It’s worth mentioning here that there are two key types of silicones that are used in skincare - cyclic silicones (which we don’t use in Bolt Beauty products) and linear silicones (which we do use). There have been some studies that link cyclic silicones (cyclotetrasiloxane and cylcopentasiloxane, cyclohexasiloxane and cyclomethicone) to potential health issues (reproductive, developmental toxicity and/or endocrine disruption concerns); however, the latest studies are calling these earlier concerns into question. Let’s assume the jury is still out on these cyclic silicones. But what about their linear cousins - like dimethicone and its derivatives? We are not aware of any studies linking these types of silicones to similar health concerns (and we’ve really looked!). Instead, as we’ve previously described, there are good reasons to use these linear silicones in cosmetics products without any risk to your health.
Do they harm the environment?
There is lots of information out there claiming that silicones will harm the environment. Similar to when we looked at the health implications of silicones, it’s important to remember that there are different types of silicones that have different chemical structures and therefore different potential impacts on the planet. Cyclic silicones have been identified by the EU, Canada and Australia as having potentially harmful impacts on the planet due to they way they can bioaccumulate (build up) in water. However, even these studies go on to recognise that consumer use is unlikely to cause bioaccumulation. Again, let’s assume there isn’t a definitive answer on cyclic silicones yet. We are not aware of any scientific evidence that linear silicones (like dimethicone) are causing harm to the environment. Certain governments have designated cyclic silicones as an environmental problem, but none has done the same for linear silicones. In addition, other studies indicate that dimethicone is “degraded to inorganic constituents, carbon dioxide, silicic acid and water” and “no adverse effects have been detected in experimental organisms representative of the environmental compartments in which dimethicone… may be found”.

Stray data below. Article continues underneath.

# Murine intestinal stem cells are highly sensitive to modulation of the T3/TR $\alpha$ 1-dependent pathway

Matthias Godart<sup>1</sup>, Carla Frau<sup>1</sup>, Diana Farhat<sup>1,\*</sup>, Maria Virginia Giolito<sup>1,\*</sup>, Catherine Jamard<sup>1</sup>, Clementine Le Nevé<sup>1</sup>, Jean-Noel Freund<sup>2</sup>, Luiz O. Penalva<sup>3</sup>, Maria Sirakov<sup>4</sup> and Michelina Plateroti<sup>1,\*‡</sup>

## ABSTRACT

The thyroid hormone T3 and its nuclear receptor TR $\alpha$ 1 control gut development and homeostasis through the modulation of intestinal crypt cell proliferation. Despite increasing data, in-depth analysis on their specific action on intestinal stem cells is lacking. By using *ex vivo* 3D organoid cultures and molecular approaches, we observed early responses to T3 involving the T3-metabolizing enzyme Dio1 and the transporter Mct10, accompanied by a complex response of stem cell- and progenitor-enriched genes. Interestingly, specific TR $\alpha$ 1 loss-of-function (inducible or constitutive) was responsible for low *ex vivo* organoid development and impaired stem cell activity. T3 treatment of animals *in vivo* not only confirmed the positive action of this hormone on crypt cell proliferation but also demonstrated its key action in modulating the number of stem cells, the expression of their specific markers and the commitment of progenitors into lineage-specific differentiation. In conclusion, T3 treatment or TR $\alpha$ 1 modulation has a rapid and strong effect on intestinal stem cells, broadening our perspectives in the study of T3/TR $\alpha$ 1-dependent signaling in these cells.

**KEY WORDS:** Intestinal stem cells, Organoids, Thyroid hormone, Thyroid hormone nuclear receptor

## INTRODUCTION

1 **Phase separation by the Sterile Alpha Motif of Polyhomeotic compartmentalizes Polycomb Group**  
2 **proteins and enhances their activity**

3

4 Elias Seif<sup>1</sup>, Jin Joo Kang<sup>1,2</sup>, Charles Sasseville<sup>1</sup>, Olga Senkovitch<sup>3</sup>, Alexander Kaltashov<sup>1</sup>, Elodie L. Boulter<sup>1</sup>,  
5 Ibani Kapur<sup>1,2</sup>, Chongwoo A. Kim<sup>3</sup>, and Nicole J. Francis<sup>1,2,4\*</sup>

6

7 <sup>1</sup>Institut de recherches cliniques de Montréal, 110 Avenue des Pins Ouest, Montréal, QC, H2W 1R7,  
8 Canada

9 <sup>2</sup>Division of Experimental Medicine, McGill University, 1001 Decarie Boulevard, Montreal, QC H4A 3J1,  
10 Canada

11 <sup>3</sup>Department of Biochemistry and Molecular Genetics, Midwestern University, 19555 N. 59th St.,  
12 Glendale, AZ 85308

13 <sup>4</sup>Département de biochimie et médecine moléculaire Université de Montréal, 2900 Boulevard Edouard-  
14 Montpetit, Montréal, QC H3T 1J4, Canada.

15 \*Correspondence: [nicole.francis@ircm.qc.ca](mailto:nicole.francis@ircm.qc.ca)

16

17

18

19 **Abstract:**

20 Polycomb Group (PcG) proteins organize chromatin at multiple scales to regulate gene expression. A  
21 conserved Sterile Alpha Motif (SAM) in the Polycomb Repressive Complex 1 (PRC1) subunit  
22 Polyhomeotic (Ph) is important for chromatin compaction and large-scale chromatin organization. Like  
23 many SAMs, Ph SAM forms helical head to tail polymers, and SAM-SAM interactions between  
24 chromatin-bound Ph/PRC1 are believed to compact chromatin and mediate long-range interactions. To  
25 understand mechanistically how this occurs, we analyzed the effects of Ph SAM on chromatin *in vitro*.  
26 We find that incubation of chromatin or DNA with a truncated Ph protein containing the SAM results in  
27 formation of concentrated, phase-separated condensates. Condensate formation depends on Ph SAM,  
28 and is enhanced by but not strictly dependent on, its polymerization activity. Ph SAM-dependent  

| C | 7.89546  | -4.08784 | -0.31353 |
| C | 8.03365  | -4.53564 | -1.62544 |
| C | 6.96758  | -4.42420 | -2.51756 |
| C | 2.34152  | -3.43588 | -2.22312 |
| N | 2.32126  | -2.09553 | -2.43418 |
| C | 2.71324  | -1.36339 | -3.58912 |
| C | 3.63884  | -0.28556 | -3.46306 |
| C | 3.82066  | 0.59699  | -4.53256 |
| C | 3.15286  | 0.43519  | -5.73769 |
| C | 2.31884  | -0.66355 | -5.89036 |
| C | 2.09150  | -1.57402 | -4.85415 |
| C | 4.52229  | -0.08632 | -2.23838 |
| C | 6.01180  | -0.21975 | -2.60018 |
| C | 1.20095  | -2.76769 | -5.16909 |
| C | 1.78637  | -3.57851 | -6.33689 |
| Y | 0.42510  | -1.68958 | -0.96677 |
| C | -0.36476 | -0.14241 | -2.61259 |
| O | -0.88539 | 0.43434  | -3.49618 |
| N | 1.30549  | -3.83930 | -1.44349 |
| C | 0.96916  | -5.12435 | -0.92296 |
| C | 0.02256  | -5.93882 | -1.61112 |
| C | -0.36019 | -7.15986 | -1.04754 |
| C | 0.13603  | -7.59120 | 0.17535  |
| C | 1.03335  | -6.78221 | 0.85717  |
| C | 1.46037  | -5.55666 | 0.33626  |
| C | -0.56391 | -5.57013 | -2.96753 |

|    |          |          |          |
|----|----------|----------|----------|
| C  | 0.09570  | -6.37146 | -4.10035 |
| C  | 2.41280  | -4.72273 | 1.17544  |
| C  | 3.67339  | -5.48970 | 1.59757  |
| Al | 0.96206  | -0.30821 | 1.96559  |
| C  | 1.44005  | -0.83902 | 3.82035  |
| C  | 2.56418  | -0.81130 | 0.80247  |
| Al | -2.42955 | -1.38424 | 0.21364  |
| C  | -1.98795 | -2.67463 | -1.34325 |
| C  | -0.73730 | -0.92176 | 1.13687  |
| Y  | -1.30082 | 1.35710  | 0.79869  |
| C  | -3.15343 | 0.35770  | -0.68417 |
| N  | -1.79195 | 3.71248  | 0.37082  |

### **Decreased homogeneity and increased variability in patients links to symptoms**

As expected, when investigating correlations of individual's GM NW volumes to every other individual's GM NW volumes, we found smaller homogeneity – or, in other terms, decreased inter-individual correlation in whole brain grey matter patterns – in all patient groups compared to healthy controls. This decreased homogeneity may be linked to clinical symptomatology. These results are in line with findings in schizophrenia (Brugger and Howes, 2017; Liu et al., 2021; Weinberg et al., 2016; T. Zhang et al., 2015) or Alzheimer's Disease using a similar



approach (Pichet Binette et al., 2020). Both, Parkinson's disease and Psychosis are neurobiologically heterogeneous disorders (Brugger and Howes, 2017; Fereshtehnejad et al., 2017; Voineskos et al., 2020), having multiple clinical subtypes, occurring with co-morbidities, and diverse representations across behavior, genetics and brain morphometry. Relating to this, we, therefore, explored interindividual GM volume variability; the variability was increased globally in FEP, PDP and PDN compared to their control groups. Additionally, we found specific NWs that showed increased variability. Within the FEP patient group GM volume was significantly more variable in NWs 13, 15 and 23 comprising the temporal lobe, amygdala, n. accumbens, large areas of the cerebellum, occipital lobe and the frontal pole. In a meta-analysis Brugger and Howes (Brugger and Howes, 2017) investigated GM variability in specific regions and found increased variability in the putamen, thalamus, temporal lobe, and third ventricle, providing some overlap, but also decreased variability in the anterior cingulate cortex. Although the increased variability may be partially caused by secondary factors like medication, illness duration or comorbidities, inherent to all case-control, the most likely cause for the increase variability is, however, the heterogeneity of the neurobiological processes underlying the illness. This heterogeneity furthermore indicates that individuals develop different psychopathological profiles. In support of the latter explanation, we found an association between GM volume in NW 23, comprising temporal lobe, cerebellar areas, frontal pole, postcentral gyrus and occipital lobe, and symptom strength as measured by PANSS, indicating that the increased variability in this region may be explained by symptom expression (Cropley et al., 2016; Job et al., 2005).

So, why do silicones have a bad rep?
It’s a good question and we’re not really sure of the answer. We can speculate that some of the potential issues related to cyclic silicones have tarnished the reputation of non-harmful, friendly, linear silicones. The fundamental chemical differences between the ingredients can get lost when they all share the generic “silicone” surname. Ever get in trouble at school even though you didn’t do anything but you were hanging around with the kid with the bad rep? It’s just like that.
We’ve also noticed that it’s pretty trendy these days to have a “formulated without” list. We have “suspicious sixes”, “naughty nines” and who knows what will be next. These can be super helpful to identify ingredients that are known to be problematic. But, they can also be confusing, meaningless, and a great marketing tactic. Silicones have started making their way on to these which perpetuates the confusion over whether or not they are problematic ingredients. Let’s start talking about what we formulate with instead :)
Well done for making it through all that detail. As you’ll now be aware, there is a lot of information about silicones and some of it is more accurate than others. We hope a key takeaway for you is that there are different types of silicones and not all silicones are created equal - especially when it comes to the impact on human health or our planet. We are committed to creating safe, effective products and have no reason to consider dimethicone or its derivatives to be potentially hazardous. We’ll continue to monitor the latest scientific studies and will update this when new information on the silicones debate is published.